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At a glance: Viet Nam

Protecting young women from human trafficking in Viet Nam

© UNICEF Viet Nam/2006
Nguyen Thi Phuong, a former victim of human trafficking across the Viet Nam-China border, at home with her young son.

By Steve Nettleton

LANG SON, Viet Nam, 7 December 2006 – Nguyen Thi Phuong cherishes her new role as a mother. At 45, she’s older than most Vietnamese women raising their first child, but that hardly matters. She is happy to have her own family, now that she is no longer a prisoner in someone else’s.

In 1991,  Phuong was lured to the border by traffickers and taken against her will to China, where she was dragged to a house in a small town and sold to become an older man’s wife.

“I didn’t know how old he was or the name of the place we lived,” she said. “I lost my freedom. I had to go everywhere with his family or else I was locked in a room. I had to work hard. When I was tired or sick, they didn’t let me stop working.”

Captive for years

 Phuong remained captive for more than two years. Then one night, the family forgot to lock her door. She escaped and found her way back across the border to Viet Nam.

She is one of tens of thousands of Vietnamese women who have been trafficked to neighbouring China and Cambodia, or further to Taiwan Province of China, Thailand and South Korea. Many are forced into marriage or the sex trade, while some become bonded labourers and domestic servants.

UNICEF is working with the governments of Viet Nam and China in a joint programme to crack down on the trafficking of women and children.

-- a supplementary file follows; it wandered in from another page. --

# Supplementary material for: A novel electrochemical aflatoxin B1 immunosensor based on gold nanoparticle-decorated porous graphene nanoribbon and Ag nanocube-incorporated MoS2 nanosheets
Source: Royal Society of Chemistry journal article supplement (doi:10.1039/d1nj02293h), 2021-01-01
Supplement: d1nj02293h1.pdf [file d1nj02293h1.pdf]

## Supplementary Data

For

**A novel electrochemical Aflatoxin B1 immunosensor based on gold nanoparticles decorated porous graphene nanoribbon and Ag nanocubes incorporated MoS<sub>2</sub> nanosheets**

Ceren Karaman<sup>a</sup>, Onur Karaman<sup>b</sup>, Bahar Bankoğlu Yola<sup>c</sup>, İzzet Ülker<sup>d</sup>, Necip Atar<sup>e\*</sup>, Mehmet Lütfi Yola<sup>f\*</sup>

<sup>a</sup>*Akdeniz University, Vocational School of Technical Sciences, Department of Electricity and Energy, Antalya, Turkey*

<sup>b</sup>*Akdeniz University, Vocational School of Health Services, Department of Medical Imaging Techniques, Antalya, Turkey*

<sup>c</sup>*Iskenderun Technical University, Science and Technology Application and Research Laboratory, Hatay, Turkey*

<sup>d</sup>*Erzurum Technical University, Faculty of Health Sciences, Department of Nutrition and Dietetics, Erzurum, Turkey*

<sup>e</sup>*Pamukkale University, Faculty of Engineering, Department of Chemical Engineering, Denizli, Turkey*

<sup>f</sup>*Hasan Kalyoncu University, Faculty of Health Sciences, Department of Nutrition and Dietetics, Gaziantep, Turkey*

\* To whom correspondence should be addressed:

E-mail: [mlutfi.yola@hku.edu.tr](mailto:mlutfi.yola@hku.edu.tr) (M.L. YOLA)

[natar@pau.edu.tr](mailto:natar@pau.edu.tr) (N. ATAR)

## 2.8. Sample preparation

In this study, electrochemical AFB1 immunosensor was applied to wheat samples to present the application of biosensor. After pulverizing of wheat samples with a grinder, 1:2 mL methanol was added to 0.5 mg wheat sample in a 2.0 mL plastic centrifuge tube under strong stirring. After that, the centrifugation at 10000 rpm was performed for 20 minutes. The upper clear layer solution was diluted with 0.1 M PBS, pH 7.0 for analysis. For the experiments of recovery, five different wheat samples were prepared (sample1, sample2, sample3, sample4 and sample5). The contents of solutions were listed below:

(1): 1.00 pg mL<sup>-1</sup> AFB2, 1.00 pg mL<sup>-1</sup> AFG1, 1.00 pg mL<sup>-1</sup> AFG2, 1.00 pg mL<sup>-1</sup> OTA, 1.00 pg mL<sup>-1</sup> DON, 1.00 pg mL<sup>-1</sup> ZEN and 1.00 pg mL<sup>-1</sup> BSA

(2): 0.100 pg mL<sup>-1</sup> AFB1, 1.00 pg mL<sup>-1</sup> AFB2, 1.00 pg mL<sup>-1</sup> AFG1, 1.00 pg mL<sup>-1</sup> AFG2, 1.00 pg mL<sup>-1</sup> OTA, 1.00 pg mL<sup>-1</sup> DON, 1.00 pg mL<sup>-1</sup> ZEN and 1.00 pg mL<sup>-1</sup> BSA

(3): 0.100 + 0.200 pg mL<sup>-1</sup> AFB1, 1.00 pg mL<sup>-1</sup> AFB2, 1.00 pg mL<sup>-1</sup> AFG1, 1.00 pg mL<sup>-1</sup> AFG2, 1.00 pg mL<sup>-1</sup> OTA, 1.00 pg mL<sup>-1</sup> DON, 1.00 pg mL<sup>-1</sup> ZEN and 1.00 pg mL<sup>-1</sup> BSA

Community-based approach

“We have been involved in analyzing law and policy, to make concrete recommendations to the government on how to better protect victims of trafficking,” said UNICEF Child Protection Officer Lo Hong Loan.

UNICEF also supports a community-based approach to the problem, including the establishment of women’s clubs that give comfort to former victims of trafficking and raise awareness to prevent future cases. The Cao Loc Women’s Union is one such club.

“We include many women who are the victims of trafficking,” said the chairwoman of the Cao Loc club. “These women share with us the situation of many who are still in China. We also go to these women’s homes and talk with their family and encourage them, so they feel more integrated into the society.”

Warning to others

Phuong is an active member the Cao Loc Women’s Club. She often shares her story as a warning to others.

“With what I learned from my experience, I can talk to young women in the community,” she said. “I tell them that if you are poor, the traffickers will take advantage of your situation and sell you, and you won’t even know you were sold.”

Words that may help save other women from a similar or even worse fate.




UNICEF correspondent Steve Nettleton reports from Viet Nam on UNICEF’s work to prevent human trafficking.
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